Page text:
Last year’s federal healthcare reform legislation (officially known as The Patient Protection and Affordable Care Act) goes into effect in phases over the course of the next several years. The Act’s wide-ranging scope includes many provisions that affect health care programs offered by employers.
If your company offers a healthcare program, here are a few of the many important facts that you and/or your employees should know about using 2010 funds and planning for 2011.
Over-the Counter Medicine Or Drugs.
Beginning January 1, 2011, over-the-counter (OTC) drugs may only be reimbursed through tax-favored health care programs only if the OTC drugs are prescribed. (Previously, the cost of non-prescribed OTC drugs was reimbursable.)
Tax-favored health care programs include:
Health Savings Accounts (HSAs),
Archer Medical Savings Accounts (Archer MSAs),
Health Flexible Spending Arrangements (FSAs), and
Health Reimbursement Arrangements (HRAs).
This rule is effective for all OTC purchases made on or after January 1, 2011 (even if the funds were set aside in 2010). This change does not affect eligible OTC drug purchases made on or before December 31, 2010. The rule does not affect insulin, even if purchased without a prescription, or other health care expenses such as medical devices, eye glasses, contact lenses, co-pays and deductibles.
Small Business Health Care Tax Credit
The small business health care tax credit encourages small businesses and small tax-exempt organizations to offer health insurance coverage to their employees, particularly to moderate and lower-income workers. In general, the credit is available to small employers that pay at least half of the premium for single health insurance coverage for their employees.
Many employers meet the eligibility requirements for the credit, including:
religious institutions that provide coverage through denominational organizations,
small employers that cover their workers through insured multiemployer health and welfare plans, and
employers that subsidize their employees’ health care costs through a broad range of contribution arrangements.
The maximum credit goes to employers with 10 or fewer full-time equivalent (FTE) employees earning annual average wages of $25,000 or less. The credit is phased out for employers that have 25 or more FTEs or that pay average wages of $50,000 or more per year. The eligibility rules are based on “full-time equivalents” (FTEs), not the number of employees; therefore, employers that employ more than 25 people but use part-time workers may still qualify for the credit.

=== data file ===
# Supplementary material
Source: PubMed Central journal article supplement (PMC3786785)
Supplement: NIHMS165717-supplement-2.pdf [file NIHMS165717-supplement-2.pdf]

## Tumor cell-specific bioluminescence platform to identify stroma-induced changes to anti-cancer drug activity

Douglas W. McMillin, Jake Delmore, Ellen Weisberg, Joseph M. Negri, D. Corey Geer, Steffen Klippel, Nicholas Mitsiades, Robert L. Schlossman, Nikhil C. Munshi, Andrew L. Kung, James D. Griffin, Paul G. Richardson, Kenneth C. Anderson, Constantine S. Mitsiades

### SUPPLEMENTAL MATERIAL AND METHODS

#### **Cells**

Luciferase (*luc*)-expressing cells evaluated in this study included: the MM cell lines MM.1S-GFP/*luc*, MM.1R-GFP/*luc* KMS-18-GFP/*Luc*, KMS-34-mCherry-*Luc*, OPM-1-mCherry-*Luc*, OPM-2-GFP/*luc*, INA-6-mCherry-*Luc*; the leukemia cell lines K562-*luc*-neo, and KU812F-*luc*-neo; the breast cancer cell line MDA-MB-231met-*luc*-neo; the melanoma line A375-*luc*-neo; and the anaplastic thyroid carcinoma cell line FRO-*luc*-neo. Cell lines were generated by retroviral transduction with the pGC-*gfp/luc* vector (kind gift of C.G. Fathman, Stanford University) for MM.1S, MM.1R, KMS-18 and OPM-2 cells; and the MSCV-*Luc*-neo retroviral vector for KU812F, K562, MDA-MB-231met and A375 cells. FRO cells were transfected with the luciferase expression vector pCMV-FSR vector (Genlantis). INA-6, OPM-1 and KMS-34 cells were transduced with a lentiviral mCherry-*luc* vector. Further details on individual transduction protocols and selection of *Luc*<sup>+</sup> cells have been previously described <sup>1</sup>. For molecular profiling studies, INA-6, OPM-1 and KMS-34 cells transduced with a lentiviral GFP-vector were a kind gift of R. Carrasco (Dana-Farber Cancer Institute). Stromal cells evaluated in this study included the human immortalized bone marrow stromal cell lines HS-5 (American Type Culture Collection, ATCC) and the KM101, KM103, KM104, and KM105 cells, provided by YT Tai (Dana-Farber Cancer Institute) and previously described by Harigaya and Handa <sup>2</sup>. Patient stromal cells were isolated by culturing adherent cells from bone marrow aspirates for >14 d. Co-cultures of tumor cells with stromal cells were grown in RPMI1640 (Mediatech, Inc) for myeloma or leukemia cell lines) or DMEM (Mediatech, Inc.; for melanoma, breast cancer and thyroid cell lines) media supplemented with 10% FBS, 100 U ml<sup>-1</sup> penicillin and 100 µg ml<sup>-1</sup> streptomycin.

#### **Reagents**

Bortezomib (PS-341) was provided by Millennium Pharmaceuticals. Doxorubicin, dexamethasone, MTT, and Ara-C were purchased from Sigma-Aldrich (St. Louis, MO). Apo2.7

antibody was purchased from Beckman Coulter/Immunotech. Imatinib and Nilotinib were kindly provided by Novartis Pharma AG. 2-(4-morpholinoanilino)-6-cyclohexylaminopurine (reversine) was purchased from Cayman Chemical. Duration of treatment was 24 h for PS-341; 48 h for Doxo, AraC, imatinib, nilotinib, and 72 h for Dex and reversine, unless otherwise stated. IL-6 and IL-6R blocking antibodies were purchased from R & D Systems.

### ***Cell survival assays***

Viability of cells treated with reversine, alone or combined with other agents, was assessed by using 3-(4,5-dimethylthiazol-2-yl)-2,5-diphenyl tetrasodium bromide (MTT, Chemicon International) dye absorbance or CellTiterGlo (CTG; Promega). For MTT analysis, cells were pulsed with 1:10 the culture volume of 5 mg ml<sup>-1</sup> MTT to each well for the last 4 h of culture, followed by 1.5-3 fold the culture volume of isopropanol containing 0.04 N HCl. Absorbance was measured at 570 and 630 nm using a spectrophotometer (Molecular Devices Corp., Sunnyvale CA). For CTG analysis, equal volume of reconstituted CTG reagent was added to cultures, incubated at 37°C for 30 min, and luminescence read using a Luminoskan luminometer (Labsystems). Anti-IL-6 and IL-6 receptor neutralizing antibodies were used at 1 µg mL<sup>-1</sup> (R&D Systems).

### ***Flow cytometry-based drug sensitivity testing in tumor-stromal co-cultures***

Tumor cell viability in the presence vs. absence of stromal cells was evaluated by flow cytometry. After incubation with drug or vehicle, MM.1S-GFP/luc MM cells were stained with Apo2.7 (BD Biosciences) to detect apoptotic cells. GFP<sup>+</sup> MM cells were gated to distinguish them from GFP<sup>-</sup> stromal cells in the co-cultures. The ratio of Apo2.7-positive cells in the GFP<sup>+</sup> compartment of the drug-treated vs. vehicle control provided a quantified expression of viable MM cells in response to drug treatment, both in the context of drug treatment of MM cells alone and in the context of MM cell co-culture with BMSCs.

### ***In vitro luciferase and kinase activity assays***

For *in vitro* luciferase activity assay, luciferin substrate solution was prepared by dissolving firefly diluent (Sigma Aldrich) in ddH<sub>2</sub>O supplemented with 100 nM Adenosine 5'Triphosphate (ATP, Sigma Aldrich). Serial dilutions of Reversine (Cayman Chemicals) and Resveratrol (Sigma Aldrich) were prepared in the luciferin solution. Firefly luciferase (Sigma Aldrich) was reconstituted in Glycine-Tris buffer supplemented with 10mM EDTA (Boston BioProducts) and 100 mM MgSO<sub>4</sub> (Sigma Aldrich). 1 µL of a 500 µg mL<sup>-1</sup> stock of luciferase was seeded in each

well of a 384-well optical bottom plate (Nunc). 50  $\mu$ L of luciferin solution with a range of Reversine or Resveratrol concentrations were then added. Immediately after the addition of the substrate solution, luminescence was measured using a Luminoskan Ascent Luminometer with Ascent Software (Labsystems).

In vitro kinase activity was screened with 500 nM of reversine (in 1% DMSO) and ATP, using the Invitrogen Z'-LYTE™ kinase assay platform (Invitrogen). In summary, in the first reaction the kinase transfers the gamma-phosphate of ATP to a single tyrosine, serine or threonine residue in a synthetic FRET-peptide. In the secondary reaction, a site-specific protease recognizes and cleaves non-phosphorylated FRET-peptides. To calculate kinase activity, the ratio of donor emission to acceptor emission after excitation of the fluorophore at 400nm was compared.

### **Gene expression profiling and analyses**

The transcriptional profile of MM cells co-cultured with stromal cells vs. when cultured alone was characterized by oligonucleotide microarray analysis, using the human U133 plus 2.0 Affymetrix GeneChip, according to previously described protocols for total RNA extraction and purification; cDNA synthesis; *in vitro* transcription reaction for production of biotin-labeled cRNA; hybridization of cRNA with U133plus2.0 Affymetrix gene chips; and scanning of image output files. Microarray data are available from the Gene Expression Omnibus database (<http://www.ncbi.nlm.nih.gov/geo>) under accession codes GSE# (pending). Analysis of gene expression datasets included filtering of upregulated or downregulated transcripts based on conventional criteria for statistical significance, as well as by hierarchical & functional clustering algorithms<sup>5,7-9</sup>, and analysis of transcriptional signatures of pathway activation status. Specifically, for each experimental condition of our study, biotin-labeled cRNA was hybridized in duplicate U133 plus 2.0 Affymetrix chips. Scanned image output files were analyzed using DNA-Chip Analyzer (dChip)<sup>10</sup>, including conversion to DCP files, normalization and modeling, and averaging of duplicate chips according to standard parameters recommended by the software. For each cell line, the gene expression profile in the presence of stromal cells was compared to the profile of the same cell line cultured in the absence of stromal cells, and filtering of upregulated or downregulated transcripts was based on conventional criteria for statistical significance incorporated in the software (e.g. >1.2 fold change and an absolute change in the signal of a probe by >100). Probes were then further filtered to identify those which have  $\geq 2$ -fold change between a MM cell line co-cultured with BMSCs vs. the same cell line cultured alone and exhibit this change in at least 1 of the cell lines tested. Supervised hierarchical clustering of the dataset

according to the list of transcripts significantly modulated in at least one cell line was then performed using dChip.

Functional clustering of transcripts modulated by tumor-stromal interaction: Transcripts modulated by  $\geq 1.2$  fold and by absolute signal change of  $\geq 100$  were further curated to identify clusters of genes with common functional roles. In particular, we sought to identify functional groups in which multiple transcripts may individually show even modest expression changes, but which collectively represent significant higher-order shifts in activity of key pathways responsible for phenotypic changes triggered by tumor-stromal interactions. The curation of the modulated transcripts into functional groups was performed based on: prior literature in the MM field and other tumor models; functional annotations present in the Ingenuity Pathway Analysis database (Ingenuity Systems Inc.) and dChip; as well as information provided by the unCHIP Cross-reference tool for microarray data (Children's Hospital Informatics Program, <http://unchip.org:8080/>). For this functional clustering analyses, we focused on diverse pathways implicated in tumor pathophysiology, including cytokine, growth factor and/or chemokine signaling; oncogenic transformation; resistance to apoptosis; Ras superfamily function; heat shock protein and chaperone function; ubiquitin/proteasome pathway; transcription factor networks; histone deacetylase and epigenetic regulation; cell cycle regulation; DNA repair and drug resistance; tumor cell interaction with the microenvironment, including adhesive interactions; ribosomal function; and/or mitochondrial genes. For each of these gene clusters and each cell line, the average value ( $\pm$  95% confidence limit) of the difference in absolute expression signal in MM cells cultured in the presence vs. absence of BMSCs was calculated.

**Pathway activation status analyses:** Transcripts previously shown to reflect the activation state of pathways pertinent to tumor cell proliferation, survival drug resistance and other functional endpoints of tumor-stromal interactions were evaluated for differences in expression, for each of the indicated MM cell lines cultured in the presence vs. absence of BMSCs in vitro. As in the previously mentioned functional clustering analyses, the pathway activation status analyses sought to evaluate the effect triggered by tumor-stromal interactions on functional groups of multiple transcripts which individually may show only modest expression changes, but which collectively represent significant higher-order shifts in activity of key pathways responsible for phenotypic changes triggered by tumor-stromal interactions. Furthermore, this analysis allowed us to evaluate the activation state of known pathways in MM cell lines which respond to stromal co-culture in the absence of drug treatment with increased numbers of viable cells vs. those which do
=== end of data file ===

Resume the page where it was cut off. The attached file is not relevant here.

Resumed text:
The credit is available for tax years 2010 through 2013 and any two years after that. For the 2010-2013 tax years, the maximum credit is 35% of premiums paid by eligible small businesses and 25% of premiums paid by eligible tax-exempt organizations. The maximum tax credits will increase to 50% and 35%, respectively, starting in 2014. The IRS has issued Form 8941 to help eligible employers calculate the credit, which should be reported on Line 44F of IRS Form 990-T. These forms are available at www.irs.gov, along with Notice 2010-82 published on December 20, 2010, which is designed to assist employers in determining eligibility for and the amount of the credit.
The Affordable Care Act has many detailed provisions requiring both employers and employees to remain diligent in managing their health care benefits. Where applicable, employees should be advised that OTC medicines or drugs are no longer reimbursable as of January 1, 2011. At the same time, eligible employers that pay 50% or more of single health care coverage for their employees may qualify for up to a 35% tax credit.
These are just two significant examples of how the Affordable Care Act affects employers and employees and is not intended to provide an exhaustive analysis. For more information on how your particular business may be affected by the Act, visit www.irs.gov.
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